It’s been nearly a year since the last balloons fell over the heads of a cheering crowd in Quicken Loans Arena — enthusiastic delegates and visitors from across the country here to nominate the Republican candidate for the country’s 45th presidency.
Alongside the delegates at that moment stood Jon J. Pinney, managing partner of the law firm Kohrman Jackson & Krantz and one of the men who stood tallest in the effort to bring the Republican National Convention to town.
He’d begun work to bring a national political convention to town nearly 10 years prior, was the primary author of the 345-page winning bid and served as treasurer, secretary and general counsel of the Cleveland 2016 Host Committee. Under his leadership, KJK prepared more than 250 contracts related to the event, including $30 million in service contracts, 300,000 square feet of leasing for visiting media and over 16,000 hotel contracts. Pinney also played a key role in raising more than $30 million in funding from city, county, state and other private sources.
“We had to negotiate very complex agreements with virtually every agency and government entity, as well as many private companies,” he says. “We were able to do that all on time and on budget.”
Now that the 2016 RNC is fading into the annals of Cleveland milestones, it’s Pinney’s goal to capitalize on the partnerships and civic momentum created by the event to benefit the region’s businesses, nonprofit organizations and economic development efforts.
“The Host Committee was so prepared as a result of 10 years of planning for this that many people consider it logistically and operationally to be one the most successful nominating conventions in the history of the country,” says Pinney. “No matter what your party affiliation, Cleveland made history.”
Leading for change
Civic life has long been important to Pinney, who’s a born-and-bred Northeast Ohioan who grew up in Boardman, attended Cardinal Mooney High School and went on to John Carroll University and Cleveland-Marshall College of Law.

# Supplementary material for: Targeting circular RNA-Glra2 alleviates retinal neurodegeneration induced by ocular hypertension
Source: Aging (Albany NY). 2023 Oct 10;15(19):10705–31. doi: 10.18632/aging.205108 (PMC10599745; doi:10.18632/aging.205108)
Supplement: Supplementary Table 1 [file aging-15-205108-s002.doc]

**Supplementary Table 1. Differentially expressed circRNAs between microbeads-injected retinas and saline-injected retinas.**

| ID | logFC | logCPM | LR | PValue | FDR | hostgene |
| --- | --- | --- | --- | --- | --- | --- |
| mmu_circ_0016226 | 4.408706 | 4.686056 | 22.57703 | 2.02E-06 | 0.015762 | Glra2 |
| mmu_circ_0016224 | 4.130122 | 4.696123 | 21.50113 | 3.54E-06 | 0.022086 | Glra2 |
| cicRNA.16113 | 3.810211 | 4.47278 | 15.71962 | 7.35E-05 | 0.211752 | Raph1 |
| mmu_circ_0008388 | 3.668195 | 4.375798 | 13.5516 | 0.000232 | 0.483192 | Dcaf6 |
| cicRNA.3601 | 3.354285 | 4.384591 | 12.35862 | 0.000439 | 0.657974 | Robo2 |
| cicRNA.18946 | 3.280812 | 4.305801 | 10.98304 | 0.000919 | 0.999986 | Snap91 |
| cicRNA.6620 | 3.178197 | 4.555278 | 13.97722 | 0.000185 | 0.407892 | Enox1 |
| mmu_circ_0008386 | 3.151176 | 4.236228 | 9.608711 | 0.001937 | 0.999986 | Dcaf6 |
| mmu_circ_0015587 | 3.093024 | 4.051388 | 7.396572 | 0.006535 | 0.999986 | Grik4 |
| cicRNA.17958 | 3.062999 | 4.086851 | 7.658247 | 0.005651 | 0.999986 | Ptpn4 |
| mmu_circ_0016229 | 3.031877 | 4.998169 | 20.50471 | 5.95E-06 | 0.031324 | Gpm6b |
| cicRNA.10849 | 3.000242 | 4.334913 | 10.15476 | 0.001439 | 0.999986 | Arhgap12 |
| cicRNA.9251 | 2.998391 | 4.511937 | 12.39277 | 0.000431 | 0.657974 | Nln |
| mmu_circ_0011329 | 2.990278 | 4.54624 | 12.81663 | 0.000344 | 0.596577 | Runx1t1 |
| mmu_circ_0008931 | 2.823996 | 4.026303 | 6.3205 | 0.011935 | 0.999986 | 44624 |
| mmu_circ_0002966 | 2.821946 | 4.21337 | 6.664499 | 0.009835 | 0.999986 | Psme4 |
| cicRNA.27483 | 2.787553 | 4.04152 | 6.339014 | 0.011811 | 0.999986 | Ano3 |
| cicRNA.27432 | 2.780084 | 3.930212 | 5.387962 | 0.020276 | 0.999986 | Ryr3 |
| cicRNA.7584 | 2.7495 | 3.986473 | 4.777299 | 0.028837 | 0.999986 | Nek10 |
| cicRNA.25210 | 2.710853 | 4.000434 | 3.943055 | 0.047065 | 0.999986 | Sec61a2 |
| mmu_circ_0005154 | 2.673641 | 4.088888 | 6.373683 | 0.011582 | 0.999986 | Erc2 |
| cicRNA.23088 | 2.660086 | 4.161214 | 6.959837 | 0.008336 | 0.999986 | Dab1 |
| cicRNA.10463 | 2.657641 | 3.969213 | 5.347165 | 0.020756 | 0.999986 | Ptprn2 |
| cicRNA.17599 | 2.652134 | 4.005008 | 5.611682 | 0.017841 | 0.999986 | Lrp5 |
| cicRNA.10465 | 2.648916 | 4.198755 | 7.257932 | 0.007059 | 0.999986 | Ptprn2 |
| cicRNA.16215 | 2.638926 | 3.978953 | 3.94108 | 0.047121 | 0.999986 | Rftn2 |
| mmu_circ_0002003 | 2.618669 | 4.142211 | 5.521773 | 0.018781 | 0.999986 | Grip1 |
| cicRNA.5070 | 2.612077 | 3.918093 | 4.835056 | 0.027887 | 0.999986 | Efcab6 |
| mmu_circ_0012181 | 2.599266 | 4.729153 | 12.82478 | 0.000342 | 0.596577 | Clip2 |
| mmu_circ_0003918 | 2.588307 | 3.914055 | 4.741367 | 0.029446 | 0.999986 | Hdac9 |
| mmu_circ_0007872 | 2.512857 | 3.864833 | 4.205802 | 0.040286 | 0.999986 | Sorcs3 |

He once dreamed of a career as an FBI agent, but instead, his career took him to KJK, where he started as an associate in 2004 and worked his way up to become managing partner in 2015 at just age 39.
While a transition of leadership was in the early stages of planning at the time, it came about by tragedy — on Dec. 28, 2014, then-managing partner Marc Krantz was killed in a skiing accident in Wyoming. A few weeks later, Pinney was named Krantz’s successor.
Just over two years later, Pinney sits at the helm of one of Cleveland’s most enduring legal legacies.
Kohrman and Kohrman was originally founded in 1918, then later turned into KJK in 1969 with a partnership between Lee Kohrman, Robert Jackson and Byron Krantz
Since then, KJK has grown to more than 65 employees, added a Columbus office and continued to expand into such practice areas as cybersecurity, technology, intellectual property, domestic relations and family law. Serving Ohio's business community remains the firm’s focus, with an emphasis on the middle market and companies between $5 million and $500 million in annual revenues. However, its reach has spread beyond Northeast Ohio to address national and even international matters.
But it’s also adapting to new technologies and innovations that are radically changing the way law firms operate. Traditional law practices are now competing with virtual firms like LegalZoom, and the industry is moving away from the billable-hour model toward flat-fee and other alternative fee arrangements. Artificial intelligence also is influencing the legal industry — algorithms now can automate some of the research and document creation once completed by junior-level attorneys.